Patriotism? Or Idolatry?

You shall have no other gods before Me. – Exodus 20.3

Idol worship is sin. Therefore, if the state were to theoretically become an idol (i.e. treated as a god), this would be a sin.

Unfortunately, making an idol out of the state happens far too often. What makes state idolatry so dangerous is that it is almost never recognized for what it is: idolatry. State idolatry frequently sneaks into the church under the innocent cloak of patriotism, where it is then welcomed and encouraged with noble and even God-glorifying intentions. “Our country needs to be a force for good!” “Our country has been, and can continue to be a Christian nation; a city set on a hill, influencing the rest of world for good.” “Government is intended to be God’s minister for good. Good government can be a powerful tool to stop the spread of evil.”

This is not to say that all (or even most) patriotic Christians are idolaters. But we must recognize an important truth: If patriotic affections become strong enough to exalt the state into the presence of God, patriotism can become idolatry. Patriotism, if not kept within proper boundaries, can become sin. And since patriotism is frequently encouraged and often embraced by the modern church, these calls for patriotism must be tempered with biblical warnings against idolatry (Acts 15.20; 1 Cor. 10.14; 1 John 5.21).

What is Idolatry?

Idolatry is more than just bowing down to statues. Idolatry is a sin of the heart.

Son of man, these men have set up their idols in their hearts and have put right before their faces the stumbling block of their iniquity. – Ezekiel 14.3

Yes, this idolatry is often identified by the images the hearts of men have chosen to revere as gods. But the sin is not in the statue itself. The sin of idolatry is to be found in the heart that chooses to revere the statue as a god.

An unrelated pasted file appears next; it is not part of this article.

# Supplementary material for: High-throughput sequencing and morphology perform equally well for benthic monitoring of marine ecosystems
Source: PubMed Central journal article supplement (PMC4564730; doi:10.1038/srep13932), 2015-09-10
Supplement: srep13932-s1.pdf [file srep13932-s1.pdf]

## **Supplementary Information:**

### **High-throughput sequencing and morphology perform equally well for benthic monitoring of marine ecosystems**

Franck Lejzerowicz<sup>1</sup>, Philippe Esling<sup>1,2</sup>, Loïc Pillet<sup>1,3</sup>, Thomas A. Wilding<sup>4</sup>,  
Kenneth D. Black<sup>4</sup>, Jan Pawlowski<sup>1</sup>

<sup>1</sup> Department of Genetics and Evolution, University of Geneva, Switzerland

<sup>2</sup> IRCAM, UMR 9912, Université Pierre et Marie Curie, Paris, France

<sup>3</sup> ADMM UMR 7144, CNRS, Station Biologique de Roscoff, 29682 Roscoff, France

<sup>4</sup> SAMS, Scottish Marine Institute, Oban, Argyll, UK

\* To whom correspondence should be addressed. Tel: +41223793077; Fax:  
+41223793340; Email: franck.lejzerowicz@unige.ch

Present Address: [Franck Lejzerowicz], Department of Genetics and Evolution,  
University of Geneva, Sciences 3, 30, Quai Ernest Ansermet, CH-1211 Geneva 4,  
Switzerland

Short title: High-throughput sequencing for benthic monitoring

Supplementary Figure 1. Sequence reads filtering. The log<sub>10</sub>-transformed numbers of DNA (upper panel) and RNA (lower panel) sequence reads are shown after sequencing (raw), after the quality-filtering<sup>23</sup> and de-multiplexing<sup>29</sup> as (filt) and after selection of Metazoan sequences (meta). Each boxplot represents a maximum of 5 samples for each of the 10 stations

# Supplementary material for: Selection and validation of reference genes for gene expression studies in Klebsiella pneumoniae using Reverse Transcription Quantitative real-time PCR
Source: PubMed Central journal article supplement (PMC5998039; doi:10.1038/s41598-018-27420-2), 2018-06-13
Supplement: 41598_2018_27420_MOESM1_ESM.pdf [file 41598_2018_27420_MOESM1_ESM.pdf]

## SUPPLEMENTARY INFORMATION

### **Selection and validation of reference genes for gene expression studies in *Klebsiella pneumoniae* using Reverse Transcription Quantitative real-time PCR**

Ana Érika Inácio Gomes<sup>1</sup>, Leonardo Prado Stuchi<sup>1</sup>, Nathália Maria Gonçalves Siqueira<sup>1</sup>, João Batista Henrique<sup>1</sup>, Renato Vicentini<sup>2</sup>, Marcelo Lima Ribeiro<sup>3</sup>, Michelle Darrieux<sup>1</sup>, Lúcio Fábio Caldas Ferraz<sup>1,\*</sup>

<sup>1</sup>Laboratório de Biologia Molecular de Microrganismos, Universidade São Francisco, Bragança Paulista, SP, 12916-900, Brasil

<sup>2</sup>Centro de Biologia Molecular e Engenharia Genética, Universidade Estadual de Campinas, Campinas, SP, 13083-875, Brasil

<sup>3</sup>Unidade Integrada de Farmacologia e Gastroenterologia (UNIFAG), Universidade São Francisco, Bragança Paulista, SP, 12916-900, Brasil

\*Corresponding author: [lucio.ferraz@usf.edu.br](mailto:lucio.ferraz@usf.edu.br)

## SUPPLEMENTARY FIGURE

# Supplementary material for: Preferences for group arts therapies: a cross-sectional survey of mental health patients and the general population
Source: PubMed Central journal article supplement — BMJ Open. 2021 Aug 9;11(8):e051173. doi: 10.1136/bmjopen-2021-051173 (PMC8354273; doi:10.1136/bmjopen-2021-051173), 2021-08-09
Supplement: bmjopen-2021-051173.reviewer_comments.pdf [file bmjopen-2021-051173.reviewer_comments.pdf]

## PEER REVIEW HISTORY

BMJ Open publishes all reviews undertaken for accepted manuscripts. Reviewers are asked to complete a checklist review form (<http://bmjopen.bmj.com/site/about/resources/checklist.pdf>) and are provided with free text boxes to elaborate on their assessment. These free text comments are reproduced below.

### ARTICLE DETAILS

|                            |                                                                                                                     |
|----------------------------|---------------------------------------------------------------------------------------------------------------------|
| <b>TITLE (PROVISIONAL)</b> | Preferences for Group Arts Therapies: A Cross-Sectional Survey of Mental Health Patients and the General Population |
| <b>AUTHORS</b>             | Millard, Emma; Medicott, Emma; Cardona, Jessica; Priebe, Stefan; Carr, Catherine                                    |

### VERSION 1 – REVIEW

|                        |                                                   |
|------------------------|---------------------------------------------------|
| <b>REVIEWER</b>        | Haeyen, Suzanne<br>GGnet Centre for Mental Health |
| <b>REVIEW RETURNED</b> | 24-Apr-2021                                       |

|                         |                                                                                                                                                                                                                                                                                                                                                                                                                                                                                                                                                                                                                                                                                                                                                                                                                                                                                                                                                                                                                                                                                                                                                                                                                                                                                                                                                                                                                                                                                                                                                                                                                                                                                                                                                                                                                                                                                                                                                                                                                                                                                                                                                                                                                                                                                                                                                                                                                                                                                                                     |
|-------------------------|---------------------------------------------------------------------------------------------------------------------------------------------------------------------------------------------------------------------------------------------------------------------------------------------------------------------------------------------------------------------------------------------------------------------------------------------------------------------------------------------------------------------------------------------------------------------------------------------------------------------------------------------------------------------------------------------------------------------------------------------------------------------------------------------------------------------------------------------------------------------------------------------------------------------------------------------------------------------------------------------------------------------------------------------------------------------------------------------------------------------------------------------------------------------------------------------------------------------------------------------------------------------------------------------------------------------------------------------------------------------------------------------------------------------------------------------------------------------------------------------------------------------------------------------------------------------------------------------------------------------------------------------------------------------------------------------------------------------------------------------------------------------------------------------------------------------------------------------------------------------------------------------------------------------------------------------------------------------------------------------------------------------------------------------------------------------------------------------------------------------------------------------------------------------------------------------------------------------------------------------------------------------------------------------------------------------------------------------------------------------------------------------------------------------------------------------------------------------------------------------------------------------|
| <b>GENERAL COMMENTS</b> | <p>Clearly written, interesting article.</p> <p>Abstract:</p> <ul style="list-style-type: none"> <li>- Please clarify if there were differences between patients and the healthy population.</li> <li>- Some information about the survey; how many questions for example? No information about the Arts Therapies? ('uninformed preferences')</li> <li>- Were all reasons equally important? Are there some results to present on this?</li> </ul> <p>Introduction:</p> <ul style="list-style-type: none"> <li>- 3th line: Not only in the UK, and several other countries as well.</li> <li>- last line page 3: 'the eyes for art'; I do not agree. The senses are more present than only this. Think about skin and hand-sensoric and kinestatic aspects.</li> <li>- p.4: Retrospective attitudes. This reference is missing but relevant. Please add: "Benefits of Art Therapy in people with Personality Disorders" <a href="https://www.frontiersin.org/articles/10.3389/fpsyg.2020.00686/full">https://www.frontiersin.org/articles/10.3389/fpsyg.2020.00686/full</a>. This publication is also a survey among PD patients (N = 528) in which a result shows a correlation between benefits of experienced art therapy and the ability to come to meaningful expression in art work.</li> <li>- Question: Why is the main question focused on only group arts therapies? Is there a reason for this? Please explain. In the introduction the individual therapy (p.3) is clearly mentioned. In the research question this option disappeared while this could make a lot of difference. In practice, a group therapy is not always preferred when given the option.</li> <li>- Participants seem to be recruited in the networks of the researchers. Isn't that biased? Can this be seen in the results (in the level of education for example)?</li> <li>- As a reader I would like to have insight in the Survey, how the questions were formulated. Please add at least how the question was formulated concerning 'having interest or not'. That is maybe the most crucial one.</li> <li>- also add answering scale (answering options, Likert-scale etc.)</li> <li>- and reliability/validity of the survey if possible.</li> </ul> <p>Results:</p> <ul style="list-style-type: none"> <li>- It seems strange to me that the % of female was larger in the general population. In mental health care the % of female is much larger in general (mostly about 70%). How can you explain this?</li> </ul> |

Yet statues are not the only things that can be revered as gods. Paul often spoke of “greed” as a form of idolatry.

Therefore consider the members of your earthly body as dead to immorality, impurity, passion, evil desire, and greed, which amounts to idolatry. – Colossians 3.5

Once it is recognized that idolatry is more than just worshiping little statues, it is easy to recognize that anything that the heart exalts as a god is idolatry. If the state is exalted by the heart as a god, the state has become an idol.

Idolatry is often incorrectly defined as “putting anything ahead of God.” Look again at God’s definition of idolatry:

You shall have no other gods before me. – Exodus 20.3

The meaning of the phrase “before me” is not limited to anything put ahead of God. The word used for “before” also includes anything that is put into God’s presence. The phrase could also rightly be translated “You shall have no other gods besides me”, or “You shall have no other gods except me.”

Thankfully, I have never met a Christian who claims to place their love of country ahead of their love of God. Although this must be continually guarded against, placing the state ahead of God is not, in my opinion, a major cause of state idolatry. What happens far more often is that the state is glorified, respected, revered, served, trusted in, and sworn allegiance to in a manner which is due only to the LORD God. In other words, the state is treated as a god. Yet due to the fact that the state is not put “ahead of God,” it is rarely recognized for what it is: idolatry.

Is All Patriotism Idolatry?

No. Scripture is silent when it comes to patriotism. Although patriotism is certainly not required of Christians, it could be argued that having affection for one’s home country is somewhat natural. Jesus wept for Jerusalem (Matt. 23.37). Paul had a special desire in His heart for the Jews, the people with whom he shared a heritage (Rom. 10.1).

Consider an analogy. I am a huge Tennessee Volunteers fan. I like the color orange. I don’t like missing games. I like it when they have good seasons. I rock my son to sleep at night humming “Rocky Top.” Is having affection for my team idolatry? Hardly!